"Gotham" EP Hints at Azrael's Arrival, Mr. Freeze & Hugo Strange's Alliance
TV, Comic Books
Passings | Underground comics writer Dennis Eichhorn passed away on Oct. 8 at age 70. He’s best known for his autobiographical comic series Real Stuff, which often involved tales of alcohol, sex and drugs. Published from 1990 to 1995 by Fantagraphics, the multiple Eisner-nominated Real Stuff was illustrated by the likes of Lynda Barry, Chester Brown, Peter Kuper, Joe Sacco, Roberta Gregory and Ed Brubaker. [The Stranger]
Legal | Iranian cartoonist Atena Farghadani, already serving a 12-year sentence for a cartoon depicting members of the Iranian parliament with animal heads, and under investigation for shaking hands with her male lawyer, had to endure yet another indignity in August: She was forced to undergo a “forced virginity and pregnancy test” as part of the investigation of the latter charge. “In doing so, the Iranian judicial authorities have truly reached an outrageous low, seeking to exploit the stigma attached to sexual and gender-based violence in order to intimidate, punish or harass her,” said Said Boumedouha of Amnesty International, which is calling for her release. [Amnesty International]
Museums | The Lucas Museum of Narrative Art, founded by George Lucas and slated to open in 2018 in Chicago, has acquired the original art from Robert Crumb’s The Book of Genesis. [The Art Paper]
Editorial cartoons | R.C. Harvey writes the definitive piece on the Ted Rall case, rounding up pretty much everything that’s been written in the aftermath of the Los Angeles Times’ decision to cut ties with the cartoonist. In addition to presenting the evidence and all points of view, Harvey sheds a harsh light on the paper’s public statements about Rall and the relationship between the newspaper and the Los Angeles police union. [The Comics Journal]
Awards | Noelle Stevenson’s fantasy comic Nimona has made the longlist for the National Book Awards in the Young People’s Literature category. It’s rare but not unprecedented for a graphic novel to be nominated for a National Book Award: Gene Luen Yang’s American Born Chinese was the first, and his Boxers and Saints made the 2013 longlist. One of the creators of Lumberjanes, Stevenson launched Nimona in 2012 as a webcomic; the print edition was published in May by HarperCollins. [The New Yorker]
Conventions | ReedPOP Senior Vice President Lance Fensterman talks about how New York Comic Con reached 151,000 attendees this year, what went well, what could have gone better, and what he learned for next time. The new badges and check in/check out system, introduced last year, let producers know exactly how long people stayed at the show, and that turned into a nice surprise for two attendees: “There was a couple [last year] who literally spent every minute that was possible at New York Comic Con for three and a half days. We reached out to them and did something special for them—gave them a bunch of free stuff and free tickets because they were at the show longer than anyone who wasn’t paid to be at the show.” [ICv2]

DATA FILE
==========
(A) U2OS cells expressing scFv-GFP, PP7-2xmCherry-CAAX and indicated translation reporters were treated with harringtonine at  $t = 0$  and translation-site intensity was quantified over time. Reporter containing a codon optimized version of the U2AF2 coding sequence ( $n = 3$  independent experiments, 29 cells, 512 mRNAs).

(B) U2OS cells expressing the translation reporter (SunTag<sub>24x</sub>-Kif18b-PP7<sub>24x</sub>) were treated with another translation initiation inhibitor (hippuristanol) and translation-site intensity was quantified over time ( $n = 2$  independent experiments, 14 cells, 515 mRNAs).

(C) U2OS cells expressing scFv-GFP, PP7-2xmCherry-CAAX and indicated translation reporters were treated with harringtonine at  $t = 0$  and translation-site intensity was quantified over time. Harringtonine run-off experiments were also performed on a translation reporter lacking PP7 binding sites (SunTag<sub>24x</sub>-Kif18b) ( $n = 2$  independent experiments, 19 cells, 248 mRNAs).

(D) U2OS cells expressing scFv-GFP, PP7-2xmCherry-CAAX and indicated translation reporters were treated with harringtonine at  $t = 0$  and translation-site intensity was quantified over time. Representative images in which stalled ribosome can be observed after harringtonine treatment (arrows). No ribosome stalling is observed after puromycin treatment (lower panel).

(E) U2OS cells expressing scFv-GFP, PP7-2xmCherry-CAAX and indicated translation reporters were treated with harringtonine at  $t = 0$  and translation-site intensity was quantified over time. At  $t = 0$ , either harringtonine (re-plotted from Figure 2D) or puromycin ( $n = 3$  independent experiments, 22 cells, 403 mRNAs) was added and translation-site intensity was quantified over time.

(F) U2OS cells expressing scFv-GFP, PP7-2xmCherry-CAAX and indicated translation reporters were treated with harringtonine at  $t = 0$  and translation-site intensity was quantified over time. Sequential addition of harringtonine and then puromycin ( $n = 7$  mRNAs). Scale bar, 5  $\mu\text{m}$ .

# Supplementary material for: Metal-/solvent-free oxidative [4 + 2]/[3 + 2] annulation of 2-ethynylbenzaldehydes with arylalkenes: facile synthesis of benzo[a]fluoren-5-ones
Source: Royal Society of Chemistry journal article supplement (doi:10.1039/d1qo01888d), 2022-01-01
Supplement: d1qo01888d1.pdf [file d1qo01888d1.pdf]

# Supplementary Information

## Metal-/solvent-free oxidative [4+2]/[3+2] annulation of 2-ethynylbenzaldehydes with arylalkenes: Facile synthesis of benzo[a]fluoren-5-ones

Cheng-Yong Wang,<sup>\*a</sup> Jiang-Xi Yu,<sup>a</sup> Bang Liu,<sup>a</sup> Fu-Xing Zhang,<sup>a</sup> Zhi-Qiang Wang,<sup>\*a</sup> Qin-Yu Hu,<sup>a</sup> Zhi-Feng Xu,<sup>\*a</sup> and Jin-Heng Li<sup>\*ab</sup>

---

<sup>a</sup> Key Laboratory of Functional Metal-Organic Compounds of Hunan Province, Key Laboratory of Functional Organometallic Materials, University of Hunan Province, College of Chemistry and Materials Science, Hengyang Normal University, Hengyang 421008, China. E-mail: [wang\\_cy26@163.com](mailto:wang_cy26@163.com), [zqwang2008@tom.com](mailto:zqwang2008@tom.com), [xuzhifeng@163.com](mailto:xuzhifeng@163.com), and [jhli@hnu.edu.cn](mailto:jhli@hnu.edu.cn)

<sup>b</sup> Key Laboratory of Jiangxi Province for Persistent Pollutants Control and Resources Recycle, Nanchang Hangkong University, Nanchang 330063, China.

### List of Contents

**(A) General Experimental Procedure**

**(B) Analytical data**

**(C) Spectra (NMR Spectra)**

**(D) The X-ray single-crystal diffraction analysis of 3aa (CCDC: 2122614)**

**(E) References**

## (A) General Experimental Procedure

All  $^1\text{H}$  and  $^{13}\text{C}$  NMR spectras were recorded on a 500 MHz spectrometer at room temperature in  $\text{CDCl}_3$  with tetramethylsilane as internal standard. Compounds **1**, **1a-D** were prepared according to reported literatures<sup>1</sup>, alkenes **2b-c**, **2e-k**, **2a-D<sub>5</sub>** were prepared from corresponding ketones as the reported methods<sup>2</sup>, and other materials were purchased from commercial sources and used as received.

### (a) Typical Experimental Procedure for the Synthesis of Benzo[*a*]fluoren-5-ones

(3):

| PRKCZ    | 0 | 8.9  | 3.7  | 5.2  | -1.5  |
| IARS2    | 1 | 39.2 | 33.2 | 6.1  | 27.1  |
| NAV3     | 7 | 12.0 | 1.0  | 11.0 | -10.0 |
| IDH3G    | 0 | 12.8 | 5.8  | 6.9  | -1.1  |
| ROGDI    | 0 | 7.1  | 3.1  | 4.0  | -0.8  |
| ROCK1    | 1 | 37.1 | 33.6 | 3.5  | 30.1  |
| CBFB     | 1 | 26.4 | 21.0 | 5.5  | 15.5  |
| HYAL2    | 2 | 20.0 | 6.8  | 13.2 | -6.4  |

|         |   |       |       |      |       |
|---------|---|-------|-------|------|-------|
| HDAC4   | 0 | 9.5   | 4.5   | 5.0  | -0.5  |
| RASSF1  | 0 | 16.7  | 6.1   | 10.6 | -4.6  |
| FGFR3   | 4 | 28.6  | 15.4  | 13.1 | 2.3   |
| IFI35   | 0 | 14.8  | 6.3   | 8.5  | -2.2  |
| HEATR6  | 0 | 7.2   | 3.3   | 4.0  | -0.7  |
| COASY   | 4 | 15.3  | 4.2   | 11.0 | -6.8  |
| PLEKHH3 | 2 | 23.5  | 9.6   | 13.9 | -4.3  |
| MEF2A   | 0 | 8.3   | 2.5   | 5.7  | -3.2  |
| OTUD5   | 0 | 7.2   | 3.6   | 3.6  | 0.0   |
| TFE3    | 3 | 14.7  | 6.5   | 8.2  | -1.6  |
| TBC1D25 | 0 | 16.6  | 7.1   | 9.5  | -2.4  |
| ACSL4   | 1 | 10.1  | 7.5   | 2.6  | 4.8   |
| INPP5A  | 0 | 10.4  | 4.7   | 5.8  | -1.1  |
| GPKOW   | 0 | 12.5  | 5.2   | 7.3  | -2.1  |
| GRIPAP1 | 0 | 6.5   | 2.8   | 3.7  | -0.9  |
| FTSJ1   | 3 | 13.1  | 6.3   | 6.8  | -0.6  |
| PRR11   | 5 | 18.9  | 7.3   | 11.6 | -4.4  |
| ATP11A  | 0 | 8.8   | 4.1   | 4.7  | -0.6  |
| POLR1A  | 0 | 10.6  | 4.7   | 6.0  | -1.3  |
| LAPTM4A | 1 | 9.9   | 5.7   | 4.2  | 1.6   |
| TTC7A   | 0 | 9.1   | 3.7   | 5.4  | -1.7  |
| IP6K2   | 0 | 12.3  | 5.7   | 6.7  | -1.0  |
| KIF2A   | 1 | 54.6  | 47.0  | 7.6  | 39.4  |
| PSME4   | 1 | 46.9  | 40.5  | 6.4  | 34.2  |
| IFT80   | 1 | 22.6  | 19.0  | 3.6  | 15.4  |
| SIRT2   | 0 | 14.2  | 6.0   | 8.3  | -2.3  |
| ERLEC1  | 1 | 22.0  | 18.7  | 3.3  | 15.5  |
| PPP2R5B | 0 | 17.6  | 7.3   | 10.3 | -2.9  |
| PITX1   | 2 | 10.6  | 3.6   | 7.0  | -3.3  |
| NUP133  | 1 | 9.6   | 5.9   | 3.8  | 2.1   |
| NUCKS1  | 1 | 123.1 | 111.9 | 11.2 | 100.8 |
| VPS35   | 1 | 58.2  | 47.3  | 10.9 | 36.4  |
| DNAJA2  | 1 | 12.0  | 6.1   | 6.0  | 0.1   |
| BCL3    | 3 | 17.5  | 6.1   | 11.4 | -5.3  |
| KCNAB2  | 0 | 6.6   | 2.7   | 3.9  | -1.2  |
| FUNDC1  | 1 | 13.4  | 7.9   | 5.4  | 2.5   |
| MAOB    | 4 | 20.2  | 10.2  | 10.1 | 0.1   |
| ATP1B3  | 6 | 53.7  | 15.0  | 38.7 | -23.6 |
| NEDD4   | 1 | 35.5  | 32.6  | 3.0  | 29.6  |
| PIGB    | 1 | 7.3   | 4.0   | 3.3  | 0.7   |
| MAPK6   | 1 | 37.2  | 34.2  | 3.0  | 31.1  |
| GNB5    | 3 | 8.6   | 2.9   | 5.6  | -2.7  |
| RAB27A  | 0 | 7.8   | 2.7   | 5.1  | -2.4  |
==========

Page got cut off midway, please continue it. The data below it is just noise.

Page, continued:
Political cartoons | Egyptian cartoonists Mohamed Anwar and Andeel discuss the difficulty of critiquing Egyptian president Abdel Fatah al-Sisi, who doesn’t tolerate dissent; Anwar is a cartoonist for a mainstream newspaper and pulls some punches as the tradeoff for reaching a wide audience, while Andeel has moved over to the alternative press, where he can speak more freely. [The Guardian]
Creators | Jim Toomey sets his comic strip Sherman’s Lagoon under the sea, and now he’s going to get a close-up look at underwater life: As the artist in residence on Alvin, a Navy deep-sea submersible vehicle, he will get an up-close look at undersea life in the Gulf of Mexico. “Only three people are able to go down on the sub at a time, so it’s a very coveted opportunity,” said Toomey, who will talk to his children’s class from aboard the submersible and has set the current Sherman’s Lagoon story in the Gulf so he can introduce the sea creatures he is seeing firsthand. [The Washington Post]
Before he became well known as the writer and illustrator of charming children’s books, Dr. Seuss (aka Theodor Seuss Geisel) had another gig: He drew political cartoons. In fact, in the run-up to World War II, Seuss drew some fairly pointed cartoons accusing those who wanted to stay out of the war of being manipulated by the Nazis.
Alas, one stash of these cartoons is being kept firmly out of the public eye, as reporter Bill Sloat reveals in a fine piece in the Cincinnati City Paper: The Cincinnati Art Museum has five of Seuss’ political cartoons, all drawn for the left-leaning newspaper PM between 1939 and 1941, but they aren’t on exhibit, and the museum has no plans to put them on public display:
Efforts that started back in 2010 to put Snoopy on license plates in California have hit a milestone — the special plates, featuring artwork by Charles Schulz, are now available for order. And once 7,500 have been ordered, the Department of Motor Vehicles will begin production.
The proceeds from the official Snoopy license plate will go toward a grant program administered by the California Cultural and Historical Endowment to support California’s museums. The plates cost $50 for for a sequential plate or $98 for a personalized plate, with a portion of the higher fee also supporting programs to protect California’s environment. If 7,500 plates aren’t ordered in the first year (Rats!), you’ll have the option to try again next year or have your money refunded.
If you live in California and want to help Snoopy hit the road, you can order your plate here.
While in Baltimore to attend Baltimore Comic-Con 2013, while I had some pre-con free time on Friday, I decided to visit the pop culture museum, Geppi’s Entertainment Museum. The museum, which is just down the street from the Baltimore Convention Center at Camden Station (across from Camden Yards), is owned by Diamond Comics Distributors President/CEO Steve Geppi. A majority of the museum’s holdings are from Geppi’s private collection.